Russell Means Dead: American Indian Activist, Actor, Dies At 72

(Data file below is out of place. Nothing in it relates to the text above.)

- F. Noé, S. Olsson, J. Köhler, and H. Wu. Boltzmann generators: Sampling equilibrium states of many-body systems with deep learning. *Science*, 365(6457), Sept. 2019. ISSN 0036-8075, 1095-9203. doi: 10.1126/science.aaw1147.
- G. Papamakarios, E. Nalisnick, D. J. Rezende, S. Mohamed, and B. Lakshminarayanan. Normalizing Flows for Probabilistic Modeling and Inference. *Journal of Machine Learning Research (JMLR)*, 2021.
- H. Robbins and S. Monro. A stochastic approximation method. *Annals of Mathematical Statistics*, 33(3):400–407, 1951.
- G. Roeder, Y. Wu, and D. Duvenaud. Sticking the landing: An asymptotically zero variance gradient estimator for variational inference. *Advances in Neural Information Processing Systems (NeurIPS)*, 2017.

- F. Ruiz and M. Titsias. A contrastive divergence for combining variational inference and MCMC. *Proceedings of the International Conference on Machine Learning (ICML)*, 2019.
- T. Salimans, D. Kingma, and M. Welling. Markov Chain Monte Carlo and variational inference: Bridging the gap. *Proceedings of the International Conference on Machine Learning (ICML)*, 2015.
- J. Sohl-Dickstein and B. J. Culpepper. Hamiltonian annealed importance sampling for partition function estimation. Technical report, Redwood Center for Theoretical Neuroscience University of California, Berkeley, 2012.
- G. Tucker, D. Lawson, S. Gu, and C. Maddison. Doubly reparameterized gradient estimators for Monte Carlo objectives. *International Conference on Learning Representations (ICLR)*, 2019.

By DIRK LAMMERS 10/22/12 10:12 AM ET EDT In a Jan. 31, 1989 file photo, Russell Means, who heads the American Indian Movement, (AIM) testifies before a special investigative committee of the Senate Select Committee on Capitol Hill, in Washington. Means, a former American Indian Movement activist who helped lead the 1973 uprising at Wounded Knee, reveled in stirring up attention and appeared in several Hollywood films, died early Monday, Oct. 22, 2012 at his ranch Zzxin Porcupine, S.D., Oglala Sioux Tribe spokeswoman Donna Solomon said. SIOUX FALLS, S.D. -- Russell Means, a former American Indian Movement activist who helped lead the 1973 uprising at Wounded Knee, reveled in stirring up attention and appeared in several Hollywood films, has died. He was 72. Means died early Monday at his ranch in in Porcupine, S.D., Oglala Sioux Tribe spokeswoman Donna Solomon said. Means, a Wanblee native who grew up in the San Francisco area, announced in August 2011 that he had developed inoperable throat cancer. He told The Associated Press he was forgoing mainstream medical treatments in favor of traditional American Indian remedies and alternative treatments away from his home on the Pine Ridge Indian Reservation. Means was an early leader of AIM and led its armed occupation of the South Dakota town of Wounded Knee, a 71-day siege that included several gunbattles with federal officers. He was often embroiled in controversy, partly because of AIM's alleged involvement in the 1975 slaying of Annie Mae Aquash. But Means was also known for his role in the movie "The Last of the Mohicans" and had run unsuccessfully for the Libertarian nomination for president in 1988. AIM was founded in the late 1960s to protest the U.S. government's treatment of Native Americans and demand the government honor its treaties with Indian tribes. Means told the AP in 2011 that before AIM, there had been no advocate on a national or international scale for American Indians, and that Native Americans were ashamed of their heritage. "No one except Hollywood stars and very rich Texans wore Indian jewelry," Means said. "And there was a plethora of dozens if not hundreds of athletic teams that in essence were insulting us, from grade schools to college. That's all changed." The movement eventually faded away, the result of Native Americans becoming self-aware and self-determined, Means said. Paul DeMain, publisher of Indian Country Today, said there were plenty of Indian activists before AIM but that the group became the "radical media gorilla." "If someone needed help, you called on the American Indian Movement and they showed up and caused all kind of ruckus and looked beautiful on a 20-minute clip on TV that night," DeMain said. Means said he felt his most important accomplishment was the founding of the Republic of Lakotah and the "re-establishment of our freedom to be responsible" as a sovereign nation inside the borders of the United States. His efforts to have his proposed country recognized by the international community continued at the United Nations, he said, even as it was ignored by tribal governments closer to home, including his own Oglala Sioux Tribe. But others may remember him for his former organization's connection to Aquash's slaying. Her death remains synonymous with AIM and its often-violent clashes with federal agents in the 1970s. Authorities believe three AIM members shot and killed Aquash on the Pine Ridge reservation on the orders of someone in AIM's leadership because they suspected she was an FBI informant. Two activists – Arlo Looking Cloud and John Graham – were both eventually convicted of murder. The third has never been charged. Means blamed Vernon Bellecourt, another AIM leader, for ordering Aquash's killing. Bellecourt denied the allegations in a 2004 interview, four years before he died. DeMain, an Indian journalist who researched the case, said AIM's leaders know who ordered Aquash's killing but have covered up the truth for decades. Also in 1975, murder charges were filed against Means and Dick Marshall, an AIM member, in the shooting death of Martin Montileaux of Kyle at the Longbranch Saloon in Scenic. Marshall served 24 years in prison. Means was acquitted. In addition to his presidential bid, Means also briefly served as a vice presidential candidate in 1984, joining the Larry Flynt ticket during the Hustler magazine publisher's unsuccessful bid for the Republican nomination. But Means always considered himself a Libertarian and couldn't believe that anyone would want to call themselves either a Republican or a Democrat. "It's just unconscionable that America has become so stupid," he said. His acting career began in 1992 when he portrayed Chingachgook alongside Daniel Day-Lewis' Hawkeye in "The Last of the Mohicans." He also appeared in the 1994 film "Natural Born Killers," voiced Chief Powhatan in the 1995 animated film "Pocahontas" and guest starred in 2004 on the HBO series "Curb Your Enthusiasm." Means recounted his life in the book "Where White Men Fear to Tread." He said he pulled no punches in his autobiography, admitting to his frailties and evils but also acknowledging his successes. "I tell the truth, and I expose myself as a weak, misguided, misdirected, dysfunctional human being I used to be," he said.